Brood X

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Brood X cicada

Brood X (Brood 10), the Great Eastern Brood, is one of 15 broods of periodical cicadas that appear regularly throughout the eastern United States. It has the greatest range and concentration of any of the 17-year cicadas.

Every 17 years, Brood X cicadas tunnel en masse to the surface of the ground, lay eggs, and then die off in several weeks. The combination of long dormancy, simultaneous emergence of vast numbers, and short period before the nymphs' burrowing underground to safety, allows the brood to survive even massive predation.[1]

A 17 year Cicada from brood X 2004 - Princeton, NJ
2004 Brood X swarm in Ohio
Detail of swarm
Emergence holes located under flagstone

Brood X's most recent appearance was in the spring and early summer of 2004 throughout an area roughly enclosed by Illinois, Michigan, New York and Georgia. The next appearances will be in 2021 and 2038.[1][2]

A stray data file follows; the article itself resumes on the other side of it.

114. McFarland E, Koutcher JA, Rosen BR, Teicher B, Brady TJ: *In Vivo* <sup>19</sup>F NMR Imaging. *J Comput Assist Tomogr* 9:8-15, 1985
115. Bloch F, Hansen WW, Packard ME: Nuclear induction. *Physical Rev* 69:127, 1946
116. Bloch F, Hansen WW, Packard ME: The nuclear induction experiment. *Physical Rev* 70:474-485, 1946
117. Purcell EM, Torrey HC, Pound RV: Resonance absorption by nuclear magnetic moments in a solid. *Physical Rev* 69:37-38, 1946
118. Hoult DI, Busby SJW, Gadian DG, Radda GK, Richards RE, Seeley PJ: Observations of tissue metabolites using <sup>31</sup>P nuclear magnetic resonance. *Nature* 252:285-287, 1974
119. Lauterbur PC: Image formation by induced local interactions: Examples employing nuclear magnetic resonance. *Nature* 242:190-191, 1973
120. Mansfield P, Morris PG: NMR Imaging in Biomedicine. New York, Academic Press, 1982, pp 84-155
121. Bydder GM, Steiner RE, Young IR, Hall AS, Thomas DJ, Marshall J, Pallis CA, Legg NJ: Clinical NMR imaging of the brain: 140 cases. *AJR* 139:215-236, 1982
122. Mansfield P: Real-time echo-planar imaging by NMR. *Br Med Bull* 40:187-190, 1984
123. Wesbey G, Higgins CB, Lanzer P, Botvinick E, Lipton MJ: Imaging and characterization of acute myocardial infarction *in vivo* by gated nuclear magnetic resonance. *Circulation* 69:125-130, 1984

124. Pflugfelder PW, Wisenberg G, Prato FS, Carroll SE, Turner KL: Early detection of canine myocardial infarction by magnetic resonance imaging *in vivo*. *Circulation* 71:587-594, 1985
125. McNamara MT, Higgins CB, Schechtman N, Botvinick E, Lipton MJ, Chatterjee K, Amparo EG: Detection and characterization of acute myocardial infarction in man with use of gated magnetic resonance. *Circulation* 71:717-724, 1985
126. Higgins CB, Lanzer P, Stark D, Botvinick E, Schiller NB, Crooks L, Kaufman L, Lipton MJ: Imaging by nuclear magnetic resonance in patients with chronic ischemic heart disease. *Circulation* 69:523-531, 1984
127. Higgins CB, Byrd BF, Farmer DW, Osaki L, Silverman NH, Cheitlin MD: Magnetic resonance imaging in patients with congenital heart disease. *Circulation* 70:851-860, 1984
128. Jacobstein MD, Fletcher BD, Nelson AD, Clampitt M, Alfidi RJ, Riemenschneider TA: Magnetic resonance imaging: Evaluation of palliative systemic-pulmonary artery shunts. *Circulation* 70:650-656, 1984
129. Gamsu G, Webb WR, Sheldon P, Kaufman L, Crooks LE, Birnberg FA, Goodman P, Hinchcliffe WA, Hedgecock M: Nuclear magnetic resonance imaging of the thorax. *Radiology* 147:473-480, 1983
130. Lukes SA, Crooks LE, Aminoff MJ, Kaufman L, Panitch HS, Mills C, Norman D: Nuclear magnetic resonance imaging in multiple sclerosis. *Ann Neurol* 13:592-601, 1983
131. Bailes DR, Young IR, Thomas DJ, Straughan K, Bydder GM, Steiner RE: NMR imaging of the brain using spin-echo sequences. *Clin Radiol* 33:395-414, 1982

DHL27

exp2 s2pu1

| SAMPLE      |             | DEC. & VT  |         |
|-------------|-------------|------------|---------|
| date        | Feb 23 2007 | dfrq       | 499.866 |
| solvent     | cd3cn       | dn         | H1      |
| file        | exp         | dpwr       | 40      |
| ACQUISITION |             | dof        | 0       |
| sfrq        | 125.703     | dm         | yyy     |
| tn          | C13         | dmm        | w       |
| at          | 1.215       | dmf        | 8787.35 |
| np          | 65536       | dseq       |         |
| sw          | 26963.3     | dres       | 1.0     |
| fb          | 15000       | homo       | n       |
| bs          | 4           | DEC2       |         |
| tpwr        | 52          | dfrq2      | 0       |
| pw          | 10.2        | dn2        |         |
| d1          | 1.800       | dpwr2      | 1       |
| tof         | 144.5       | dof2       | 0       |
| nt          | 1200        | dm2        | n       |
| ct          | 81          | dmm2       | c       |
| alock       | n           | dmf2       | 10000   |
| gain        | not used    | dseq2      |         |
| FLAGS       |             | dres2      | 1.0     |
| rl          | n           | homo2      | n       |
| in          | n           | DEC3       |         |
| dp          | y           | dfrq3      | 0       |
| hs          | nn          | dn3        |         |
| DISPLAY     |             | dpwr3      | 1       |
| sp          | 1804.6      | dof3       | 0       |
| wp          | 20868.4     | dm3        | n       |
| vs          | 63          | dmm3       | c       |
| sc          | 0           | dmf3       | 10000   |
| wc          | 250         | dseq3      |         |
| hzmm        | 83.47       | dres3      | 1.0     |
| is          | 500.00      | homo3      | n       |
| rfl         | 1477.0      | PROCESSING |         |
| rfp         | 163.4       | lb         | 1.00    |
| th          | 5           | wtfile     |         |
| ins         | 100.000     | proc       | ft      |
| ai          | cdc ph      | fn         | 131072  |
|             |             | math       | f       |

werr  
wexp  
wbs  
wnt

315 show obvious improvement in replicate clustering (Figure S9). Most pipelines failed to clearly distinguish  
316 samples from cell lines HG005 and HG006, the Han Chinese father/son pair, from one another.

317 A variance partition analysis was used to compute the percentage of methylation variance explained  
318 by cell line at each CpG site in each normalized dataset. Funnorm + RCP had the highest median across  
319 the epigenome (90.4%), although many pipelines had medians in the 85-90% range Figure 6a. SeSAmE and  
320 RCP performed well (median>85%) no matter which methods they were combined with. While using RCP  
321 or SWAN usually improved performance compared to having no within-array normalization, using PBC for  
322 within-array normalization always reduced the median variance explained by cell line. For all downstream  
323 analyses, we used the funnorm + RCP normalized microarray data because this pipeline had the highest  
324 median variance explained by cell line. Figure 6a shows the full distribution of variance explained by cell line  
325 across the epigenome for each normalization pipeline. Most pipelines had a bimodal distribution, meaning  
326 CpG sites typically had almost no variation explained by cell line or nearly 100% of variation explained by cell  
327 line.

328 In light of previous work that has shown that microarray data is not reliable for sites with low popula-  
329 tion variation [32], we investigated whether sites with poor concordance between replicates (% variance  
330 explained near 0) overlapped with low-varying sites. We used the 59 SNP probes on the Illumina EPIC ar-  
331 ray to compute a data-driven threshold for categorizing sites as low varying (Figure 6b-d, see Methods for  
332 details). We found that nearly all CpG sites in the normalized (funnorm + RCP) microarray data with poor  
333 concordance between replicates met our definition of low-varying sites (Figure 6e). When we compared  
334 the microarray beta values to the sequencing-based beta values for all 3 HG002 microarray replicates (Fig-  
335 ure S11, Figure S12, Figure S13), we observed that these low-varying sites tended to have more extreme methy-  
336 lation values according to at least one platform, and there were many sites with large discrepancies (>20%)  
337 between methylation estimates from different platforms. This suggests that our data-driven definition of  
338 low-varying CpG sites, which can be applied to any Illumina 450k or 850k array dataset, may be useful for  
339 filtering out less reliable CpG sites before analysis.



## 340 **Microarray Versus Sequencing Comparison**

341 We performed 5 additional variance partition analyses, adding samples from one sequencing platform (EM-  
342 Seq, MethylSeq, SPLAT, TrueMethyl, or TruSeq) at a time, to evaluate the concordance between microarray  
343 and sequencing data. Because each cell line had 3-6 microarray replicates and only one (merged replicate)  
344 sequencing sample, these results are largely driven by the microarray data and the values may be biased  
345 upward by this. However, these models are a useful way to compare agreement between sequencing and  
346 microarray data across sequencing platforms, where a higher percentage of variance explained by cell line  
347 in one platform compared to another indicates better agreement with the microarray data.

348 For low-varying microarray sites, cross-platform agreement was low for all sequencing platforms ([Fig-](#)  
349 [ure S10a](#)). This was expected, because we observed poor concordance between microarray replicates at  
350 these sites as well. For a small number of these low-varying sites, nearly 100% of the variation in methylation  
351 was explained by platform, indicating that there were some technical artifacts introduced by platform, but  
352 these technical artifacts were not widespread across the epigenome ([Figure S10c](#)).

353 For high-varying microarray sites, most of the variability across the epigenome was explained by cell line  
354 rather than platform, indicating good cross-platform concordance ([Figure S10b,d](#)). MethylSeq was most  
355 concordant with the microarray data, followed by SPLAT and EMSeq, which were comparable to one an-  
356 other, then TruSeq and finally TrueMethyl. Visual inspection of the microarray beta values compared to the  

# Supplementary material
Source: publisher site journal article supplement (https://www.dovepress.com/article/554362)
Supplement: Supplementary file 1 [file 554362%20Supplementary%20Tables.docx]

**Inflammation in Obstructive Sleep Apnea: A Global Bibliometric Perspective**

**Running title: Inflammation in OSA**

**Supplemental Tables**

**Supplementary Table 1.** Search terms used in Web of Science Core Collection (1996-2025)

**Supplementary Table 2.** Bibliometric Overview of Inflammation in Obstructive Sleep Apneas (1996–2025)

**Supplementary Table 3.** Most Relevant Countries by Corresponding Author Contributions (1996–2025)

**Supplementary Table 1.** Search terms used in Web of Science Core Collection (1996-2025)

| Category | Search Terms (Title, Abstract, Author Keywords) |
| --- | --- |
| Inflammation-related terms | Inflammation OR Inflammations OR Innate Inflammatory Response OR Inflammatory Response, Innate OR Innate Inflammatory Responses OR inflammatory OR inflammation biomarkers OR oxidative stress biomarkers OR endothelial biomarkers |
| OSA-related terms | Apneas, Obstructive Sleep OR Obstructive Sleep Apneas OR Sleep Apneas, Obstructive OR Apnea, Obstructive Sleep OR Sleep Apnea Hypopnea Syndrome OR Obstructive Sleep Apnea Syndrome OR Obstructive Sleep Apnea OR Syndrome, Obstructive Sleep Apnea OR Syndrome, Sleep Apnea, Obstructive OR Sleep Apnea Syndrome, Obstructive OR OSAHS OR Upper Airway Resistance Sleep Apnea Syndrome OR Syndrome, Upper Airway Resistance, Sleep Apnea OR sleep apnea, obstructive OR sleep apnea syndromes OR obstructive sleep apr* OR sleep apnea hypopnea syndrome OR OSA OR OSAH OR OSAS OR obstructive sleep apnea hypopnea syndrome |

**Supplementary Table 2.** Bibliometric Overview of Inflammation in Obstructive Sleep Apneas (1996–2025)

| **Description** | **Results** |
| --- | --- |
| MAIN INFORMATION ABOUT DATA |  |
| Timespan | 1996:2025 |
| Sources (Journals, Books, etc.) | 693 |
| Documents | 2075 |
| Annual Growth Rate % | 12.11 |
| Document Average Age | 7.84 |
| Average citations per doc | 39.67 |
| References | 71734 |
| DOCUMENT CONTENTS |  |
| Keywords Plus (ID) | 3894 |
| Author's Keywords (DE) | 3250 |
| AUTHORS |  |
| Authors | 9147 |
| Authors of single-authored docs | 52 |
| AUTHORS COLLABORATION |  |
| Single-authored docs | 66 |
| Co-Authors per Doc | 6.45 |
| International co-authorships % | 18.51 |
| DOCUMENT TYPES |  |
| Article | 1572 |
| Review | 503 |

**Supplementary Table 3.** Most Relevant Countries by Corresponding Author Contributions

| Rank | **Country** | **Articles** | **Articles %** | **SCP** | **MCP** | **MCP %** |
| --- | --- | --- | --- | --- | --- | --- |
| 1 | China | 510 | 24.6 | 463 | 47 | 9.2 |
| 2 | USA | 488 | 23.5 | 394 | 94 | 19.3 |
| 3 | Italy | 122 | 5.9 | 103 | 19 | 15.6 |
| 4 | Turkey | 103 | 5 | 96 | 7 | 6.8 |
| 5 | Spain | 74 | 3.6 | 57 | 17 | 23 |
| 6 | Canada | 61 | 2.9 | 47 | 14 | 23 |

Bob Dylan's song "Day of the Locusts" (on his 1970 album New Morning) refers to the Brood X cicadas that were present in Princeton, New Jersey in June 1970 when Dylan received an honorary degree from Princeton University.[3][4][5][6]


  1. ^ a b Post, Susan L.; Michael R. Jeffords (photos) (Summer 2004). "A Trill of a Lifetime: More Information About the Periodical Cicada". Illinois Natural History Survey. Prairie Research Institute. Retrieved 2011-07-01. 
  2. ^ Moore, Thomas E.; Thomas J. Walker (April 27, 2001). "Genus Magicicada periodical cicadas". Singing Insects of North America. University of Florida Institute of Food and Agricultural Sciences. Archived from the original on 2008-09-30. Retrieved 2011-07-01. 
  3. ^ James Barron (1996-06-04). "Cicadas: They're Back!". The New York Times. Retrieved 2013-04-08. 
  4. ^ "Are Periodical Cicadas Coming to Your Town - Magicicada Broods and Brood Maps". Retrieved 2013-04-08. 
  5. ^ "Bob Dylan Receives Honorary Princeton Degree | Music News". Rolling Stone. 1970-07-09. Retrieved 2013-04-08. 
  6. ^ Cameron W. Barr. "In D.C. Area. It's the Day Of the Cicada". The Washington Post. page A1. March 28, 2004. retrieved January 25, 2015.

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